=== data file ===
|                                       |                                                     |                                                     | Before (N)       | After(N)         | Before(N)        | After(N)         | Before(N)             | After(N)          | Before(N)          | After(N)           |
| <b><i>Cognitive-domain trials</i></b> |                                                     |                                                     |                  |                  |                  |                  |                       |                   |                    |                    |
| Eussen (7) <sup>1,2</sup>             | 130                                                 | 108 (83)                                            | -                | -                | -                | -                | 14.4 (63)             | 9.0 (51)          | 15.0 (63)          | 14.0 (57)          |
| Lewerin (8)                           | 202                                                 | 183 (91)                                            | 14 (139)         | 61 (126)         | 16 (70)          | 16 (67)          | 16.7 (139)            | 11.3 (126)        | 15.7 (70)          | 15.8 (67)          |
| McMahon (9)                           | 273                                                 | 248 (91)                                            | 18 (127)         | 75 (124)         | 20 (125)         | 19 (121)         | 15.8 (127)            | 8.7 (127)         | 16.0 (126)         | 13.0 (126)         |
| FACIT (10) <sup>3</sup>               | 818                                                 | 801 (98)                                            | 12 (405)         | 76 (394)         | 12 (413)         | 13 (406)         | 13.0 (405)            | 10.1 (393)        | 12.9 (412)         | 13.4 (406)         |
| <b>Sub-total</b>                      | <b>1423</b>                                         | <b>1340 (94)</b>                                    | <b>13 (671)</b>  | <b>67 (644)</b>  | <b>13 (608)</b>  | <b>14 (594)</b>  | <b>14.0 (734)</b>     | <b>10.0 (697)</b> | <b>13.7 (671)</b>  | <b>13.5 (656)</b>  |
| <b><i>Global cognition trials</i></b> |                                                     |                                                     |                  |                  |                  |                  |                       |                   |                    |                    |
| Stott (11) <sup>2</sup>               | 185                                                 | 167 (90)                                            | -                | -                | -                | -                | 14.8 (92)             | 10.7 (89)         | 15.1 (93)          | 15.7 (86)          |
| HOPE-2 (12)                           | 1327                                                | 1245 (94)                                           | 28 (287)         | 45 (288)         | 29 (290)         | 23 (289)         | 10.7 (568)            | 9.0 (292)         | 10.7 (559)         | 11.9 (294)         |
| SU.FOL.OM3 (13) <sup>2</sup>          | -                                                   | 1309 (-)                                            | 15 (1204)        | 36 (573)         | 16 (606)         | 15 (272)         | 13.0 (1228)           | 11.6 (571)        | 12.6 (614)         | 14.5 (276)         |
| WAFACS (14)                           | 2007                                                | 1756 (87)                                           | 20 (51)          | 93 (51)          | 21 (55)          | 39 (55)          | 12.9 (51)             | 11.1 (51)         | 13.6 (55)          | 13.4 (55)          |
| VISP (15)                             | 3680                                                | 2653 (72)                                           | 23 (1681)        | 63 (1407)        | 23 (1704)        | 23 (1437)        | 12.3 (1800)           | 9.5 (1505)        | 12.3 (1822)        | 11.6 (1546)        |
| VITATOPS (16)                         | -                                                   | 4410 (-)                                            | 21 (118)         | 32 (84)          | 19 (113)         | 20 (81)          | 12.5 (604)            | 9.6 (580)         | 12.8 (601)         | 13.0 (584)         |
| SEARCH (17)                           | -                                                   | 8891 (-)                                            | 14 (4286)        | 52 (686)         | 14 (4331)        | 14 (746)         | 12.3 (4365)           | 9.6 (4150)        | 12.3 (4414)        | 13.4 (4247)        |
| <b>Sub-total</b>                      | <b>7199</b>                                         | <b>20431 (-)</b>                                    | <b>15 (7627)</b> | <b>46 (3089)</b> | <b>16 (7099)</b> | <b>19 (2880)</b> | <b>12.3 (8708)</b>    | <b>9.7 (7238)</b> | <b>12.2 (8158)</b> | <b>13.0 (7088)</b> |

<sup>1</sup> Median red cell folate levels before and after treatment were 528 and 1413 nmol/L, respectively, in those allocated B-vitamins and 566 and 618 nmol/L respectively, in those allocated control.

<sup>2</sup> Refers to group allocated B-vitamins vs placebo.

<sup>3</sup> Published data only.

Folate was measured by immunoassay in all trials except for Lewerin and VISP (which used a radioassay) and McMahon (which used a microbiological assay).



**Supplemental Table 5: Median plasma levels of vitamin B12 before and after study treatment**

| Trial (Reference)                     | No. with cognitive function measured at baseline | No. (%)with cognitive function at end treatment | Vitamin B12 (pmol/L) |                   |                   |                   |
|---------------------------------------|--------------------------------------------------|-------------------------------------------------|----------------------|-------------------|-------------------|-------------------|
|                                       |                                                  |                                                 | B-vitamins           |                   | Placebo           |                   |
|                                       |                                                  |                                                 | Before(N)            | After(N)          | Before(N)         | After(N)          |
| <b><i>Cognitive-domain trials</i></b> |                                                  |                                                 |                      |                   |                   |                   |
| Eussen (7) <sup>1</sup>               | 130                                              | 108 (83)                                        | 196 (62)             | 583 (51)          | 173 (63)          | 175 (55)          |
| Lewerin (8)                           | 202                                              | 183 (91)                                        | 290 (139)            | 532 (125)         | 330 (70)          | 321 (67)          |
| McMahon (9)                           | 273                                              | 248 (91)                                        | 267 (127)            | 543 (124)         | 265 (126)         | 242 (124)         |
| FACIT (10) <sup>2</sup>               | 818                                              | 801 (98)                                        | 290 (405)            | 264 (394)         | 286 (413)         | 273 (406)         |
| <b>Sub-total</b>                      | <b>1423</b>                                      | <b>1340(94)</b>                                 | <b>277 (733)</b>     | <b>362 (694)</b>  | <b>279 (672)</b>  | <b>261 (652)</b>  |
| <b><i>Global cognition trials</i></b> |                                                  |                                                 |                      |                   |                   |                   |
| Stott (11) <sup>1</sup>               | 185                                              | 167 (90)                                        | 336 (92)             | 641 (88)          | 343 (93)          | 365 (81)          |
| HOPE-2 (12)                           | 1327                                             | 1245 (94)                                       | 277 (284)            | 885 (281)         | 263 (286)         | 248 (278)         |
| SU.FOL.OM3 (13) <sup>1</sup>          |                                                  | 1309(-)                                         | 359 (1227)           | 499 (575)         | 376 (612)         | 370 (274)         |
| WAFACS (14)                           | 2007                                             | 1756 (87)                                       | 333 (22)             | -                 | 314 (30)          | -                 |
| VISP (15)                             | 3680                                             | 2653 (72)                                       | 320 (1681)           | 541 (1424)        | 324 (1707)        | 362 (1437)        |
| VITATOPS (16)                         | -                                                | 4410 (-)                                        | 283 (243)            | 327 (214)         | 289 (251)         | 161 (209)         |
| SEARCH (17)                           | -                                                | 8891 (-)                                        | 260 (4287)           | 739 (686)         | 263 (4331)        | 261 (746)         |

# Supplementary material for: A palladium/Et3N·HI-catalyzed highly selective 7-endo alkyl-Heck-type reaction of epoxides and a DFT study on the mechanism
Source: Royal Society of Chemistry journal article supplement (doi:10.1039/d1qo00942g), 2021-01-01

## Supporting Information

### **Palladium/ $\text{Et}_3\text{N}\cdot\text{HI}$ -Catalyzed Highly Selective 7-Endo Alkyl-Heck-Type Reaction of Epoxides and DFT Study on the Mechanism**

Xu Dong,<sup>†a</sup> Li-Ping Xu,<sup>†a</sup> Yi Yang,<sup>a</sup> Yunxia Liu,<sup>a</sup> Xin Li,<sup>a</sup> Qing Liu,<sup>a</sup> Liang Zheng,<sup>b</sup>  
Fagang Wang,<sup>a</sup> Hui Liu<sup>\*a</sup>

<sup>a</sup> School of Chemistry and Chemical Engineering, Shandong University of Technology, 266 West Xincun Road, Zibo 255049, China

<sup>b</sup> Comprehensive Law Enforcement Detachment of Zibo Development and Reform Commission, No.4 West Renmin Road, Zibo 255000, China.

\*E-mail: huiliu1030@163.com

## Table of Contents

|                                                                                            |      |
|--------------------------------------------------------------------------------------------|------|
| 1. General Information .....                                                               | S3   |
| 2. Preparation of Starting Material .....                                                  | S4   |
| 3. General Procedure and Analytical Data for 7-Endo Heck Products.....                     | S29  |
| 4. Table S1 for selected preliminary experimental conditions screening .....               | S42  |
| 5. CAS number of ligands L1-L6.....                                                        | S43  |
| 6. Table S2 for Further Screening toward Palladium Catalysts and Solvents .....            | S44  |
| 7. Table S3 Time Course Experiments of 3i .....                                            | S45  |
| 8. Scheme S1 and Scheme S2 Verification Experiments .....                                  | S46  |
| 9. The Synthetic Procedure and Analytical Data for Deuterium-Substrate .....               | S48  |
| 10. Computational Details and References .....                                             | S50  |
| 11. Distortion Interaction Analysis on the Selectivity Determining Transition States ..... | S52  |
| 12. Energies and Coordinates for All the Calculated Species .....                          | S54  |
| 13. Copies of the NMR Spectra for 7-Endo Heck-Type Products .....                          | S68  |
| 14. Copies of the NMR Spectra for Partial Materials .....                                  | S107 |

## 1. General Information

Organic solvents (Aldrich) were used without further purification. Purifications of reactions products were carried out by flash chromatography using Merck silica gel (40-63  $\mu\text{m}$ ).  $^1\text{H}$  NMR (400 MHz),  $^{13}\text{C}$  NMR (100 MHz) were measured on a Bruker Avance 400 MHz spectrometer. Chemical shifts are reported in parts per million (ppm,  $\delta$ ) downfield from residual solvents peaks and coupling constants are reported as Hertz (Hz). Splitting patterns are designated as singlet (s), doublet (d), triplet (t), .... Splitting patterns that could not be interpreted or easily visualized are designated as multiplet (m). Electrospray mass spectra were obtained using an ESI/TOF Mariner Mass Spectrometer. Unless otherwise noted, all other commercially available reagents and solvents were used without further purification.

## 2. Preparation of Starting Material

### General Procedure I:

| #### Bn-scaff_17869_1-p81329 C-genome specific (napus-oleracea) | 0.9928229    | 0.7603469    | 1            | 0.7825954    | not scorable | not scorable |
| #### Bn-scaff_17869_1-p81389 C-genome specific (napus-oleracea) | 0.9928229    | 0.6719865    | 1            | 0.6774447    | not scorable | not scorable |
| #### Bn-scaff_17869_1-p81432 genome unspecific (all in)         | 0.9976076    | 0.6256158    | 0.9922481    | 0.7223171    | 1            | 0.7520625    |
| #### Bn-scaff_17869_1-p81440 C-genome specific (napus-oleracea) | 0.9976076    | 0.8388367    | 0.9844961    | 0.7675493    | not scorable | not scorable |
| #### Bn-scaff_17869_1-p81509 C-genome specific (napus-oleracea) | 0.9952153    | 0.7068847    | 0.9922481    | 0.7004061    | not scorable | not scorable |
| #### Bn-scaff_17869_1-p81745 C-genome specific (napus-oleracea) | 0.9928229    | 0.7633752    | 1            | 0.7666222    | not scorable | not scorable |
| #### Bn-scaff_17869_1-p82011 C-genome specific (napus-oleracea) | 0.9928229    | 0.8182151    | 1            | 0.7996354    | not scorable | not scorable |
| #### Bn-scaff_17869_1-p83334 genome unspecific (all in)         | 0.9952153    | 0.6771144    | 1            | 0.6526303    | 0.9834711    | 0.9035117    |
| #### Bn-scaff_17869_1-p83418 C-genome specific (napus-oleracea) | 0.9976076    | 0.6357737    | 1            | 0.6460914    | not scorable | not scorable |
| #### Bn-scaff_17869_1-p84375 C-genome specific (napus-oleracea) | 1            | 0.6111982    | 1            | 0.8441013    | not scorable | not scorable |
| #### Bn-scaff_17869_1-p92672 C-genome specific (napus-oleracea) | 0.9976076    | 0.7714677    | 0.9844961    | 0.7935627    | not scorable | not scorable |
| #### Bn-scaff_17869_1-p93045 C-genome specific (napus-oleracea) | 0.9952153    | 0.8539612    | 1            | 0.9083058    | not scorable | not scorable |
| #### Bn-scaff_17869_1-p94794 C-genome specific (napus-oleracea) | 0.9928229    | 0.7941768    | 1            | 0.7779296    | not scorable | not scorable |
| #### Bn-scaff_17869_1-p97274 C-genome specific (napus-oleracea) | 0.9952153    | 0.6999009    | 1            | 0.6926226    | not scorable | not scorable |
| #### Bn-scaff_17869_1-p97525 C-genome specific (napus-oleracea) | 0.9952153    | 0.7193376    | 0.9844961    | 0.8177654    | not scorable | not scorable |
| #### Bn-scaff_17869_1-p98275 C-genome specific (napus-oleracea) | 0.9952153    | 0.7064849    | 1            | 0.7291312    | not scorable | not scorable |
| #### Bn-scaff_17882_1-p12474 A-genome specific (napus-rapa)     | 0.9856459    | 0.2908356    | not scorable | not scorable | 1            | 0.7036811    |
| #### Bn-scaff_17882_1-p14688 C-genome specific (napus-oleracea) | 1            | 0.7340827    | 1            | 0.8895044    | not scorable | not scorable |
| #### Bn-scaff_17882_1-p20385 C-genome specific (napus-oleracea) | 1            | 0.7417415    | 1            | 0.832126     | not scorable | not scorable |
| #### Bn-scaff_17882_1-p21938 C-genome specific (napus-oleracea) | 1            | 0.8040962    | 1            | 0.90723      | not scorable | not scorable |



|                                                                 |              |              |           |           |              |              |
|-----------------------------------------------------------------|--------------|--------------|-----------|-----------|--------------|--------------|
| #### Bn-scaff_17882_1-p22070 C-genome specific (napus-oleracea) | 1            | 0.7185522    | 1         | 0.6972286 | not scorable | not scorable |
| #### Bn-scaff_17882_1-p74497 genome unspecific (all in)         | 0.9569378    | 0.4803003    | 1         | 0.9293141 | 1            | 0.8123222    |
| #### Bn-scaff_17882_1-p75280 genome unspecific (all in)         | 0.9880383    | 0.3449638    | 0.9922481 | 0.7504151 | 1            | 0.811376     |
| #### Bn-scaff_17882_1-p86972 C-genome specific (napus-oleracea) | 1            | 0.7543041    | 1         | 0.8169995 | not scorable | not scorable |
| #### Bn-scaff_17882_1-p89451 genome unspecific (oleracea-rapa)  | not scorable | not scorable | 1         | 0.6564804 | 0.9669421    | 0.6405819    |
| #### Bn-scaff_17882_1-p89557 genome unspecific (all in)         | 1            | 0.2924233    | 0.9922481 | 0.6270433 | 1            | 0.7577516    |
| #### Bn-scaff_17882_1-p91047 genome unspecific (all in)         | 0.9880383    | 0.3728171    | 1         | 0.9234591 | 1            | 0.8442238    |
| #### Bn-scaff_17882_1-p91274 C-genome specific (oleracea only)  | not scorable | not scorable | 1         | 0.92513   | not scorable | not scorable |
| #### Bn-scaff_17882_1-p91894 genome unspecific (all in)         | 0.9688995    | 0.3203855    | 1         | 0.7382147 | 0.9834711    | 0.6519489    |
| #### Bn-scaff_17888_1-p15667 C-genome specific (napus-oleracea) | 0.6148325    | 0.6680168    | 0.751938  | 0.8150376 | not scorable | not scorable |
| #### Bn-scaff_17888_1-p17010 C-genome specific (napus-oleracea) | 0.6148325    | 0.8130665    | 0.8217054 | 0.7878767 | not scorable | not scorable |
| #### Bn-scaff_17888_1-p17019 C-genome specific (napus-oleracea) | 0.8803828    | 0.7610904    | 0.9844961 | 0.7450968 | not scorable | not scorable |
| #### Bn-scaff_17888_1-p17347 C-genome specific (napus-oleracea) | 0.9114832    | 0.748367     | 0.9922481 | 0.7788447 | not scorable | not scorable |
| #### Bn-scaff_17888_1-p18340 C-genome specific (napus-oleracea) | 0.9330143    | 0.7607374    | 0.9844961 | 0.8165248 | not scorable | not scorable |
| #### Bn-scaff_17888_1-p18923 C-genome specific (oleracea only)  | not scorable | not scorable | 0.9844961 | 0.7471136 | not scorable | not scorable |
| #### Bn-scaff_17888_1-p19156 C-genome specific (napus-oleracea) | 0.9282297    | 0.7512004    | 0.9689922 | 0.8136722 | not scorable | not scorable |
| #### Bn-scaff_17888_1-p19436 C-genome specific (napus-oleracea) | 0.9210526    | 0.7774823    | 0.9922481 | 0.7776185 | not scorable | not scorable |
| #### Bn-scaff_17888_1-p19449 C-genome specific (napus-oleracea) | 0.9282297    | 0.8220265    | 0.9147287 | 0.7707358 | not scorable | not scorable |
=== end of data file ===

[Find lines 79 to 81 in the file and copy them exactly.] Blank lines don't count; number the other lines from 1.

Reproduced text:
| #### Bn-scaff_17869_1-p84375 C-genome specific (napus-oleracea) | 1            | 0.6111982    | 1            | 0.8441013    | not scorable | not scorable |
| #### Bn-scaff_17869_1-p92672 C-genome specific (napus-oleracea) | 0.9976076    | 0.7714677    | 0.9844961    | 0.7935627    | not scorable | not scorable |
| #### Bn-scaff_17869_1-p93045 C-genome specific (napus-oleracea) | 0.9952153    | 0.8539612    | 1            | 0.9083058    | not scorable | not scorable |